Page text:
With only a few weeks left before the 2018 Pittsburgh Marathon, I have a lot of runners coming to me with aches and pains popping up. Maybe they didn't quite stay focused on their form during that last 20 miler, ramped up a little too fast, or didn't even know it was possible to run in a less impactful way.
Whatever the reason, it's probably safe to say that not nearly enough of us are taking the time to "pre-hab," of work on our "goats" after a run.
Check out these great exercises from my friend, Katherine Dryer, in her article "Stretching Your Hip Flexors for Greater Stability and Pain Prevention." They're not a silver bullet for ailing achey legs, but they're a good start!
Stretching Your Hip Flexors for Greater Stability and Pain Prevention
by Katherine Dryer
Fervent runners know how important it is to be fully stretched and prepped before hitting the pavement or cross-country ground, yet many fail to exercise the hip flexors fully. While it is easier to remember the hamstrings, calves and quads, we should also take the time to lengthen and loosen our hip flexors. In this post, we highlight the importance of this muscle group and suggest a few easy stretches.
What is the Purpose of Hip Flexors?
Hip flexors are responsible for flexing the hip joint, bending the trunk forward, pulling up knees, ensuring stability in the lower body, and moving legs from front to back and side to side.
When we sit for various hours on end, as occurs when we have desk jobs, these muscles can tighten, with various consequences for our health. For instance, problematic hip flexors can affect our posture, forcing us to arch our back more, which results in back pain.
Tight hip flexors also prevent us from carrying out exercises such as squats with the right technique. Finally, immobility of the hips can contribute to knee and even neck tightness and pain.
Unexpected Symptoms of Hip Flexor Tightness
The symptoms of tight hip flexors are not always what you would expect. You may feel a tightness when standing, a pinching sensation or pain in your glute area, or even have trouble standing up straight. Neck pain can also be caused by hip tightness.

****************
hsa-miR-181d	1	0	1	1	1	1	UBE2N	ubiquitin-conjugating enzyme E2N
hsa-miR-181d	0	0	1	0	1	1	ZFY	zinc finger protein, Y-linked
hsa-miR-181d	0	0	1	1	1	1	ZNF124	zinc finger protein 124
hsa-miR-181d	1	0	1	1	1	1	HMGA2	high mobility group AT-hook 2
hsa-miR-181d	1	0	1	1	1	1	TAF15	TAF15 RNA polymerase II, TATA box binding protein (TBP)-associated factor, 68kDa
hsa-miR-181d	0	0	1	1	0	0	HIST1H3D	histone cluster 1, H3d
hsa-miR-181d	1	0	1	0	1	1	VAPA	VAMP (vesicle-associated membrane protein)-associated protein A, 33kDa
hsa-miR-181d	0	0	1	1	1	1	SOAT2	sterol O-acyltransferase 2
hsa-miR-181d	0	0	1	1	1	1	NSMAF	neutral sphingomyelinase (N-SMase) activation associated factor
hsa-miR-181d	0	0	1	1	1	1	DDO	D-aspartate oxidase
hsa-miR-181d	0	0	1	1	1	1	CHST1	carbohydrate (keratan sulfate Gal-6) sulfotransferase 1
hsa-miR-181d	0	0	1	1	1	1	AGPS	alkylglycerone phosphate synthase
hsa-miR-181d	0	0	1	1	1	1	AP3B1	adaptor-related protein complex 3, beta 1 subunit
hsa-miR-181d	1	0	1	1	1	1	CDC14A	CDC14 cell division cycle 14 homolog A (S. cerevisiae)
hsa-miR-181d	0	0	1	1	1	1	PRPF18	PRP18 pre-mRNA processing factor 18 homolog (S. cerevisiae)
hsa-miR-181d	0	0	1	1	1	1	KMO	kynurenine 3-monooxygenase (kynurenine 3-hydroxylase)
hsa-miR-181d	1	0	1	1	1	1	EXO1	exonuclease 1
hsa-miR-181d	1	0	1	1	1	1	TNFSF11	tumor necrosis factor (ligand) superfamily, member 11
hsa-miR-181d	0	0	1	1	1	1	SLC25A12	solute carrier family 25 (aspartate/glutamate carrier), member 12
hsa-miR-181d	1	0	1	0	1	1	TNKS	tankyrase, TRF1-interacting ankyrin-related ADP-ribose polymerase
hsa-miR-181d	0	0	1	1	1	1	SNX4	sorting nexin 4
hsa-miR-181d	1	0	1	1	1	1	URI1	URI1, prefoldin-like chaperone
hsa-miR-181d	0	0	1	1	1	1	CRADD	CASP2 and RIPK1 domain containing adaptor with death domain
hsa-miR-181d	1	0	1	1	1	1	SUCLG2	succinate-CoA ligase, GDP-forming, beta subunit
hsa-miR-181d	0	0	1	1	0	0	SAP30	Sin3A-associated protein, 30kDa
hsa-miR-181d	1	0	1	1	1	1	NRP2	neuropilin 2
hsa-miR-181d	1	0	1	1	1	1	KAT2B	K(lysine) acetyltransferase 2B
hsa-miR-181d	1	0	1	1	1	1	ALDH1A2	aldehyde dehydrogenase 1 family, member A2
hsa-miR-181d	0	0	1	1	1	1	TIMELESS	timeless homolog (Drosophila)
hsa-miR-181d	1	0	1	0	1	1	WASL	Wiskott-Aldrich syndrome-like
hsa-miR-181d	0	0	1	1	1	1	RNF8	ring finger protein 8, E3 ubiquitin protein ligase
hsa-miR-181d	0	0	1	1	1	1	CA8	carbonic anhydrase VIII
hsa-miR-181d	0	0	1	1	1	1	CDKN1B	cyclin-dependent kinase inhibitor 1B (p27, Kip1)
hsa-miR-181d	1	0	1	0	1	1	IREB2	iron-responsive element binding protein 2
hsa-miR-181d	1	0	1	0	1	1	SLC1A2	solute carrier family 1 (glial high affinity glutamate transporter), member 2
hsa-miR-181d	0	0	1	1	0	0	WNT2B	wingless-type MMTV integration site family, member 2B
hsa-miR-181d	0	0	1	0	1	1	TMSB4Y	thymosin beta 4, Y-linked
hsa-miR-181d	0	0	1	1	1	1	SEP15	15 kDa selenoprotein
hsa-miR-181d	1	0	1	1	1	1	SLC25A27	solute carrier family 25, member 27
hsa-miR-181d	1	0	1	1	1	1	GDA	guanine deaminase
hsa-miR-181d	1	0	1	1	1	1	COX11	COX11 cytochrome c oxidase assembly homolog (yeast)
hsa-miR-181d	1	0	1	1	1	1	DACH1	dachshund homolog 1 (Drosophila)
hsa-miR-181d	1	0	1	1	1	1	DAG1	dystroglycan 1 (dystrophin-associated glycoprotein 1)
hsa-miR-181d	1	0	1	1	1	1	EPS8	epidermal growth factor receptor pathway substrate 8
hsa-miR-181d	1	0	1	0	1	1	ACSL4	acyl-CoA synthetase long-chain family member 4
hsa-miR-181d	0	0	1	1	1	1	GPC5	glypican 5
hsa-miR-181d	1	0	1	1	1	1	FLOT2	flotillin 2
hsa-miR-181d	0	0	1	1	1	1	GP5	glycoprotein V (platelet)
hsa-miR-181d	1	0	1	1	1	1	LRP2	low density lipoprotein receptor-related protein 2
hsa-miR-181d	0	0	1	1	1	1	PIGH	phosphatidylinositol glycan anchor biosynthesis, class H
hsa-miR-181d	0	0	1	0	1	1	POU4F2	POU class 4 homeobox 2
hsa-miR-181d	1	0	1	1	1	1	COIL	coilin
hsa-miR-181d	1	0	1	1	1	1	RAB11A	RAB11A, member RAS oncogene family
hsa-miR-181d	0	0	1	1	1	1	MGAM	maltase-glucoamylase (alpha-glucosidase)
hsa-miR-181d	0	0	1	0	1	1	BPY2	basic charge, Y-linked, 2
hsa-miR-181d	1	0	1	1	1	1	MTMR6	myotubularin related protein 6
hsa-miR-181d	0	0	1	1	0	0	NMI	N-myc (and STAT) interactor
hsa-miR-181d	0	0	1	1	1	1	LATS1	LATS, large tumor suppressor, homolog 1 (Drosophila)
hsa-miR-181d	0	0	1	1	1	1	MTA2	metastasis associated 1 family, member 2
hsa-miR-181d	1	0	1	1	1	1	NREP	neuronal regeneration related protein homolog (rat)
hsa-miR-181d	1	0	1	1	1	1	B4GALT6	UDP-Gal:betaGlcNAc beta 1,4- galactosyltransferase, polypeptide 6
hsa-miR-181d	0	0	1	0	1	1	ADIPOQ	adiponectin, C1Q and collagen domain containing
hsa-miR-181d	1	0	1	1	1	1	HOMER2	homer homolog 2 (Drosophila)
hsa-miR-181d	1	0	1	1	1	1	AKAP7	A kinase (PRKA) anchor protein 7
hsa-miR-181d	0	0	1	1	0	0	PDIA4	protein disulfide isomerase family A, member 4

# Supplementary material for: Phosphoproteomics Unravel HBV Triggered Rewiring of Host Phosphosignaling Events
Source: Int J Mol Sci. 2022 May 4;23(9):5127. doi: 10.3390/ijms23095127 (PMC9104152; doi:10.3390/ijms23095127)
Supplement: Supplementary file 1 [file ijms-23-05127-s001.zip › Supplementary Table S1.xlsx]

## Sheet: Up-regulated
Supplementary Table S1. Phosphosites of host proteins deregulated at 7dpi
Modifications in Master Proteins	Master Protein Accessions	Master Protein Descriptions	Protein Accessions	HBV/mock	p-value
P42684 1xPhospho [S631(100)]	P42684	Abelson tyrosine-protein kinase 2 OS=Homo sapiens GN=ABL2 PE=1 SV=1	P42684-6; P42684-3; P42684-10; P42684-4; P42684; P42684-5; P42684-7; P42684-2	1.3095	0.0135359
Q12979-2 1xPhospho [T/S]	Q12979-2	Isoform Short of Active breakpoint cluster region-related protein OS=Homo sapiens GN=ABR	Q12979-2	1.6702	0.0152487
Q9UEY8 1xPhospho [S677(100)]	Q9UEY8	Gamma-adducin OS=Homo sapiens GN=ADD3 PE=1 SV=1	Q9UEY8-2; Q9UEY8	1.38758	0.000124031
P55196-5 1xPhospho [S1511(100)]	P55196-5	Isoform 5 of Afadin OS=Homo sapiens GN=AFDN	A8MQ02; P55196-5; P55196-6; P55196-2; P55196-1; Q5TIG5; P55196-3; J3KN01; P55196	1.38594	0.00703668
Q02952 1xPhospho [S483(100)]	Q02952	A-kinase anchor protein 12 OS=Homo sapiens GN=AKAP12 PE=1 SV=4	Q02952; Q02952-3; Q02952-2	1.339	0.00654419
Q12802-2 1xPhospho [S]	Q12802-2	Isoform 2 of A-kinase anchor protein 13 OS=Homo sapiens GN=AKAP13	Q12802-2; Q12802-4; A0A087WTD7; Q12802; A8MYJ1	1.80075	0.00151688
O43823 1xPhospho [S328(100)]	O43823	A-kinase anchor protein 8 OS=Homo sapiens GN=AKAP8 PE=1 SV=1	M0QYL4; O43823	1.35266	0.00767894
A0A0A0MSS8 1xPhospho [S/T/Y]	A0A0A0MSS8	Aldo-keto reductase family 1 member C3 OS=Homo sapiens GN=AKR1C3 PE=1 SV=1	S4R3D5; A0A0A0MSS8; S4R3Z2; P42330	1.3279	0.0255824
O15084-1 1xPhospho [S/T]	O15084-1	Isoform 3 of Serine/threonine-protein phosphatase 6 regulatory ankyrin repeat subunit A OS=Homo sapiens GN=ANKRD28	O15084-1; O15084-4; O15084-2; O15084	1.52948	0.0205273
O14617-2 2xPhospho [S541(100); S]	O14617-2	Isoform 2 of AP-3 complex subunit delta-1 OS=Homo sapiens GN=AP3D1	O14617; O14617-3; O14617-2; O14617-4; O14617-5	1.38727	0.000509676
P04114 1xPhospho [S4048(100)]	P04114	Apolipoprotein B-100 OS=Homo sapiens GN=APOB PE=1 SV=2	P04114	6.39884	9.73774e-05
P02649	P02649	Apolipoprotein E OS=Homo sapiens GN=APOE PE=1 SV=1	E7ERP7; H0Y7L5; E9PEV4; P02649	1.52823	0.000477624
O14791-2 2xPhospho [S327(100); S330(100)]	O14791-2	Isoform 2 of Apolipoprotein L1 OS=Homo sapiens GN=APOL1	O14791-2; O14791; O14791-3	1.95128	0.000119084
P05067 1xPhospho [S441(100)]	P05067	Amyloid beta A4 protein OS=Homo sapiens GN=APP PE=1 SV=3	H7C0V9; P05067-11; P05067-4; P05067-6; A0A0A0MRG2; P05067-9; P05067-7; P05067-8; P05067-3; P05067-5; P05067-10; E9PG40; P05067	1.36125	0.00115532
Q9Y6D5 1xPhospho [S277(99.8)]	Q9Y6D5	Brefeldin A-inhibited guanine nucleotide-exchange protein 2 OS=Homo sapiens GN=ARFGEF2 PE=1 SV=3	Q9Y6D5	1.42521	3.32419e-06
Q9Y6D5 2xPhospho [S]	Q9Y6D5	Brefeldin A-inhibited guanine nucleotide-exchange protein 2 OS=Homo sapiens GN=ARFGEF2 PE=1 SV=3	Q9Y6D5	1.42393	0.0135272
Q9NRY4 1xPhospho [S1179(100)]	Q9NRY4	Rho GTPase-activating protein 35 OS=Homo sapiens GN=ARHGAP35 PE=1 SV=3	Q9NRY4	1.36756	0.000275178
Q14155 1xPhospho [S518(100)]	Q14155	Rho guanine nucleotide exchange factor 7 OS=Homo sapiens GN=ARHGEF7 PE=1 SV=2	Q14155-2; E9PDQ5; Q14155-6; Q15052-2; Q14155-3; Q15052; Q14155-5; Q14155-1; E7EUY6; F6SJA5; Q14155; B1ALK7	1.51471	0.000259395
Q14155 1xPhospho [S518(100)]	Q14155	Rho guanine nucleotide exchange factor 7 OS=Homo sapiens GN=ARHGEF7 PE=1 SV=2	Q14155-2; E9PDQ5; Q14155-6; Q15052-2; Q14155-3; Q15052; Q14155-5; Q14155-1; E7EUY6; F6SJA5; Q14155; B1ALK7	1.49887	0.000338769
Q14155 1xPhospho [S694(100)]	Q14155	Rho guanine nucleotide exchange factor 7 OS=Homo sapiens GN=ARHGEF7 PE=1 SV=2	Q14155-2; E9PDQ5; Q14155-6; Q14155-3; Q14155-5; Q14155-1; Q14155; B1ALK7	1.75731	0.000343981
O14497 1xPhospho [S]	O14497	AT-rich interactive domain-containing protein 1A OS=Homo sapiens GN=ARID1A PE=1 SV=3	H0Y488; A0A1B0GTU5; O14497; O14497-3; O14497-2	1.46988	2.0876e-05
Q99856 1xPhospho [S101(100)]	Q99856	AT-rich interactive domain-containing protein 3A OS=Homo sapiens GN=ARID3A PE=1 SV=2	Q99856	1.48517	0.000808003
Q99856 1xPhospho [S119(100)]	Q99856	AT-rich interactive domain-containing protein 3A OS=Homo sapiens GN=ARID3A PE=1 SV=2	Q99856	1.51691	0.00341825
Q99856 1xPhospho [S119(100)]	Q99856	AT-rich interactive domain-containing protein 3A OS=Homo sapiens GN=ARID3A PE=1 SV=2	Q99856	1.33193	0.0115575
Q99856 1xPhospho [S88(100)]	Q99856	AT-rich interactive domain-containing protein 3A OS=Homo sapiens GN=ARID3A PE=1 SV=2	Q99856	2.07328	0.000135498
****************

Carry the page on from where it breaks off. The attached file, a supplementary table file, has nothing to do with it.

The Connection between a Weak Core and Hip Flexor Tightness
If you notice that even after stretching your hip flexors, your hips continue to shorten, a weak core may be the problem. Core issues result in an inability of the spine to maintain a powerful foundation and a neutral pelvic position. If this is the case, it is vital to stretch your glutes through the rear elevated split squat and other traditional glute-centered exercises.
Easy Hip Flexor Stretches
By simply carrying out lunges and squats, you will already be stretching your hip flexors. Specific exercises include the half kneeling hip flexor stretch. Kneel down on one knee, with the other knee out bent before you at a right angle. Lunge forward towards the raised knee and feel the delicious stretch. Feel the slight ‘burn’ for a few seconds and repeat around five times Repeat with the other knee.
You can also try the seated saddle stretch. Just sit with your legs around four feet apart, with your knees and toes pointed straight up. Inhale deeply and as you exhale, bring your body gently forward. Rest your hands on your feet and hold the stretch for five deep breaths.
Because hip flexors are not visible, many runners and strength trainers fail to give them the importance they are owed. Improve your posture, avoid falls, and prevent pain in the neck, back and glutes, by taking just a few minutes a day to stretch this important muscle group.
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Ken Presutti is a certified ChiRunning instructor, ACE Personal trainer, Spinning instructor, and coach. This blog is a mix of new articles and posts from his original blog, Overkill is Underrated.